For 3 years, it ran in the Greeley Tribune. Since then, it has run in various subsidiaries of the Douglas County News Press. I still have most of my columns in digital format.
For many years, I only gave myself one rule: try to work the word "library" into every piece. My intent was to think in public about just what librarianship means at the end of the 20th century and beginning of the 21st.
There have been many advantages for me. I found that putting library plans out in front of the public, and getting feedback about them, helped me make better decisions. Sometimes, I found that it was very difficult for me to describe those plans or policies -- the kind of thing that makes me realize that they might not be good ideas after all. The weekly discipline of explaining my profession to the public keeps me more mindful, more honest. It also has provided steady visibility for the library and its issues.
April 17, 2008 - library goes green
A LONG time ago, my wife and I wrote an article about "green librarianship." Just then -- back around the late 1980s -- a lot of information was coming out about "sick building syndrome," and the toxic effects of some chemicals.
Since then, I have tried, with varying degrees of success, to practice the principles of green librarianship.
My continuing interest in this topic is based on an administrative realization. People imagine that the costs of library facility operations are all about their construction. That's not true. The cost is in operations.
I think designing our buildings to be green is not just a good thing to do, it demonstrably saves taxpayer money. I've written in the past about "LEED-certification" (LEED stands for Leadership in Energy and Environmental Design; the levels move up from silver to gold to platinum.) We hope to be pursuing LEED-certification for all our future library buildings.
We've even invested in LEED-accreditation for our Facilities Manager (I believe he's one of the first in the county, if not the first), and he's already saved us money.
There are also some retrofits – making an existing building greener. Some examples: we put solar panels on our Neighborhood Library at Lone Tree, cut back water use in our restrooms, retrofit some of our older and inefficient lighting, and added occupancy sensors for lighting controls. It adds up.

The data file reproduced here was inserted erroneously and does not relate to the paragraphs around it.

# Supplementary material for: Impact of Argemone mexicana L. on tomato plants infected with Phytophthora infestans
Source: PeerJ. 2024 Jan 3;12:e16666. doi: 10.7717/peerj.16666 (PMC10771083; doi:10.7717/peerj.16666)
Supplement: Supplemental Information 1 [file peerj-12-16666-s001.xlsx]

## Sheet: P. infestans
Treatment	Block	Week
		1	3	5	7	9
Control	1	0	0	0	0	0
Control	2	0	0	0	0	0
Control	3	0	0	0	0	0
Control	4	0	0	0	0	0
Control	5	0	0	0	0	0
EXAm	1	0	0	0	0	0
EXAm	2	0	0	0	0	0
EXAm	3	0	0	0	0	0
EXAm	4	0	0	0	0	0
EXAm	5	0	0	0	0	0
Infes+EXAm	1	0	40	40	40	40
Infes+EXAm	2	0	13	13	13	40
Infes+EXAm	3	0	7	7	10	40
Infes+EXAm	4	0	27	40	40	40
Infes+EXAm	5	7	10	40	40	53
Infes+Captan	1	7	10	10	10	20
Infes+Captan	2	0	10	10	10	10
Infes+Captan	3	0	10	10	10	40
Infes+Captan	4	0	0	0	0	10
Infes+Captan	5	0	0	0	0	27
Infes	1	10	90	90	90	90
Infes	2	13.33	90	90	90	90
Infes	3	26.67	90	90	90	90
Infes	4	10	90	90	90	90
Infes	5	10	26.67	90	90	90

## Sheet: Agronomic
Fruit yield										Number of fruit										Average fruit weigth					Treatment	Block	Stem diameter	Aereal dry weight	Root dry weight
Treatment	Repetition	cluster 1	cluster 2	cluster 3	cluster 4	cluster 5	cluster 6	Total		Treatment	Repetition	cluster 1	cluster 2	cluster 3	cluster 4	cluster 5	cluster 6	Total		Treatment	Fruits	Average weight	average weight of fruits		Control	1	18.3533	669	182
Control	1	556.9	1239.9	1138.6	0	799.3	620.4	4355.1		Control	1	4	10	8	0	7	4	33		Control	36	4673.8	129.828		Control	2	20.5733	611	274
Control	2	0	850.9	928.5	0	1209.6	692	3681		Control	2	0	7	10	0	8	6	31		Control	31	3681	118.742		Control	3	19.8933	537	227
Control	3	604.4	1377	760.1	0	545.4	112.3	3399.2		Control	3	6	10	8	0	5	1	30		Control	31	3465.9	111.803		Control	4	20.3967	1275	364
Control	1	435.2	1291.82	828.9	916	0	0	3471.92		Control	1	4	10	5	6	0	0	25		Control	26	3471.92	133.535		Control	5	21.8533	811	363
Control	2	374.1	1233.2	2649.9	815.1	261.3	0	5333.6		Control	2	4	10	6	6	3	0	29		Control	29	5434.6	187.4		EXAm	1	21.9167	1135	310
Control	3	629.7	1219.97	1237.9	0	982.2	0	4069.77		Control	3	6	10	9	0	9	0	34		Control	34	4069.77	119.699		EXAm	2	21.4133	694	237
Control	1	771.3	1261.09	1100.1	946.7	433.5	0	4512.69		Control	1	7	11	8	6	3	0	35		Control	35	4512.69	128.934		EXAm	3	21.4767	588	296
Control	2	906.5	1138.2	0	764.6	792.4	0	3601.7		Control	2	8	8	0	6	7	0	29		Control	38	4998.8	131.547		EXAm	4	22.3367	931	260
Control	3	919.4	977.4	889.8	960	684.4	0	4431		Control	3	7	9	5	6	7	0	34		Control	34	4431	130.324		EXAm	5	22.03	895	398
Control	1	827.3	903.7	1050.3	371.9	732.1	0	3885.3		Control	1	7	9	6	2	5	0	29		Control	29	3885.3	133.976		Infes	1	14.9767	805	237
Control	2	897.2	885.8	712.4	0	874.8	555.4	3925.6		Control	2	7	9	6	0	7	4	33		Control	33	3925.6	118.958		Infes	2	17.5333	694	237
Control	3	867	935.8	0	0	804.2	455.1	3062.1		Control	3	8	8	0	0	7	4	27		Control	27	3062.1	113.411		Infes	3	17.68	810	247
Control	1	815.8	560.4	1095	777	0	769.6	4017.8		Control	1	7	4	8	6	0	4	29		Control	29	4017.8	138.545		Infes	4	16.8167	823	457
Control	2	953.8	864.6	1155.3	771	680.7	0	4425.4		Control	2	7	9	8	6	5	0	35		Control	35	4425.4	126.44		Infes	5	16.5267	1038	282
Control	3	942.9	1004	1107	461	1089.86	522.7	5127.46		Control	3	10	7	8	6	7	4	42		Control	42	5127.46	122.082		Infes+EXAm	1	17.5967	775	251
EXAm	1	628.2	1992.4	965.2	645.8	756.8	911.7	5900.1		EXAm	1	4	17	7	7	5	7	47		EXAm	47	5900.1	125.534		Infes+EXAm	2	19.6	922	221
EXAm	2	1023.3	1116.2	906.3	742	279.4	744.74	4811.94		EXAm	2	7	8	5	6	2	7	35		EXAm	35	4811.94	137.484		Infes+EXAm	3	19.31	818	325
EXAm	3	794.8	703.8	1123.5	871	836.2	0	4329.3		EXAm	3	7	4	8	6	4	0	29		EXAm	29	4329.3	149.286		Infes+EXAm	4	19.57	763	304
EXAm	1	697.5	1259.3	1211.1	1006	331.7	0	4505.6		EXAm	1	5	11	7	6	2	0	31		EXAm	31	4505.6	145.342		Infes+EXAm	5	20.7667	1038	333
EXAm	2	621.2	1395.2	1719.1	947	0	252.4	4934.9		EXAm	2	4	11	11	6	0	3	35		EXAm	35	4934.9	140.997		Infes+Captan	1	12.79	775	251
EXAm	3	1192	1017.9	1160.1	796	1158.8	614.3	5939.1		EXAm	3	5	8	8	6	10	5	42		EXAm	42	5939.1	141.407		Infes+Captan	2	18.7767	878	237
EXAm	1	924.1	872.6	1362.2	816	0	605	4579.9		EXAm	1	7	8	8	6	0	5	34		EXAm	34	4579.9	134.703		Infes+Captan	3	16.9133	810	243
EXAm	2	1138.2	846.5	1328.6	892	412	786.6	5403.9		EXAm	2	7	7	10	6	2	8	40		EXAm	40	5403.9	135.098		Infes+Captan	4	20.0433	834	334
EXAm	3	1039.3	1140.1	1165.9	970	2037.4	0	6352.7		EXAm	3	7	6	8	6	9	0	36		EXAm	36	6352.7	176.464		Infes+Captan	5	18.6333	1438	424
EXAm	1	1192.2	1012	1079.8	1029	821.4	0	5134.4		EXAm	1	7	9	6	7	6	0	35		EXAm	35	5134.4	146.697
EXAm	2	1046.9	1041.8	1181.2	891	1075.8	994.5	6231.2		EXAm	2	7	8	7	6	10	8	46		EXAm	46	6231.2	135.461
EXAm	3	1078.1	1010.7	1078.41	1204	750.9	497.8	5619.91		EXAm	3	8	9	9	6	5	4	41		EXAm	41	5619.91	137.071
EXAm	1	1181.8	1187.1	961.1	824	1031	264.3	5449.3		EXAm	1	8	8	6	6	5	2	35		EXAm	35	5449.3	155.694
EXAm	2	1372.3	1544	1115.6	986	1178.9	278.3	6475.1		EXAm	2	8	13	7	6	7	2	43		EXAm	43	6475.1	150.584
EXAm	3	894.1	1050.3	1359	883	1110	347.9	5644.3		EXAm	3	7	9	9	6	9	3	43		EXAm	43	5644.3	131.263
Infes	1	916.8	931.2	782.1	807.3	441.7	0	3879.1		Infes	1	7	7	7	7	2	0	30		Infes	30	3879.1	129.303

Another thing we've done at our buildings is to ensure a good supply of fresh air. That drives up heating and cooling costs, but it keeps public and staff healthier. Our Heating/Ventilation/Air-Conditioning system also has some sophisticated software that helps us manage our energy use better.
Yet another approach is recycling. We have an in-house recycling program for all kinds of waste. Incidentally, soon we will no longer offer plastic bags for people to stuff their checkout materials into. But we encourage you to bring your own bags.
We also offer (for purchase) a large canvas bag with the library logo on it. We're working on a smaller bag that we'll sell for $1 each.
In April, during National Library Week (April 13-19), we're offering some "GO GREEN programming" -- on the topics of homemade natural cleaning products, recycling with worms, and organic food. Check our website for details (DouglasCountyLibraries.org).
Do you have some tips for going green? If so, send them to email@example.com. Maybe you've discovered or learned something that really makes a difference in your own home or business. Share! We plan to post the best of what we gather.
Incidentally, Douglas County Libraries is not the only Douglas County organization working on this effort. In fact, all members of the Partnership of Douglas County Governments have put "going green" -- sustainability -- on our mutual agenda.
We have been blessed with an extraordinarily beautiful natural setting in the county; respecting that asset in our construction and operations preserves the very thing that brought many of us here in the first place. It also represents a more enlightened, long-term view of the real costs of government.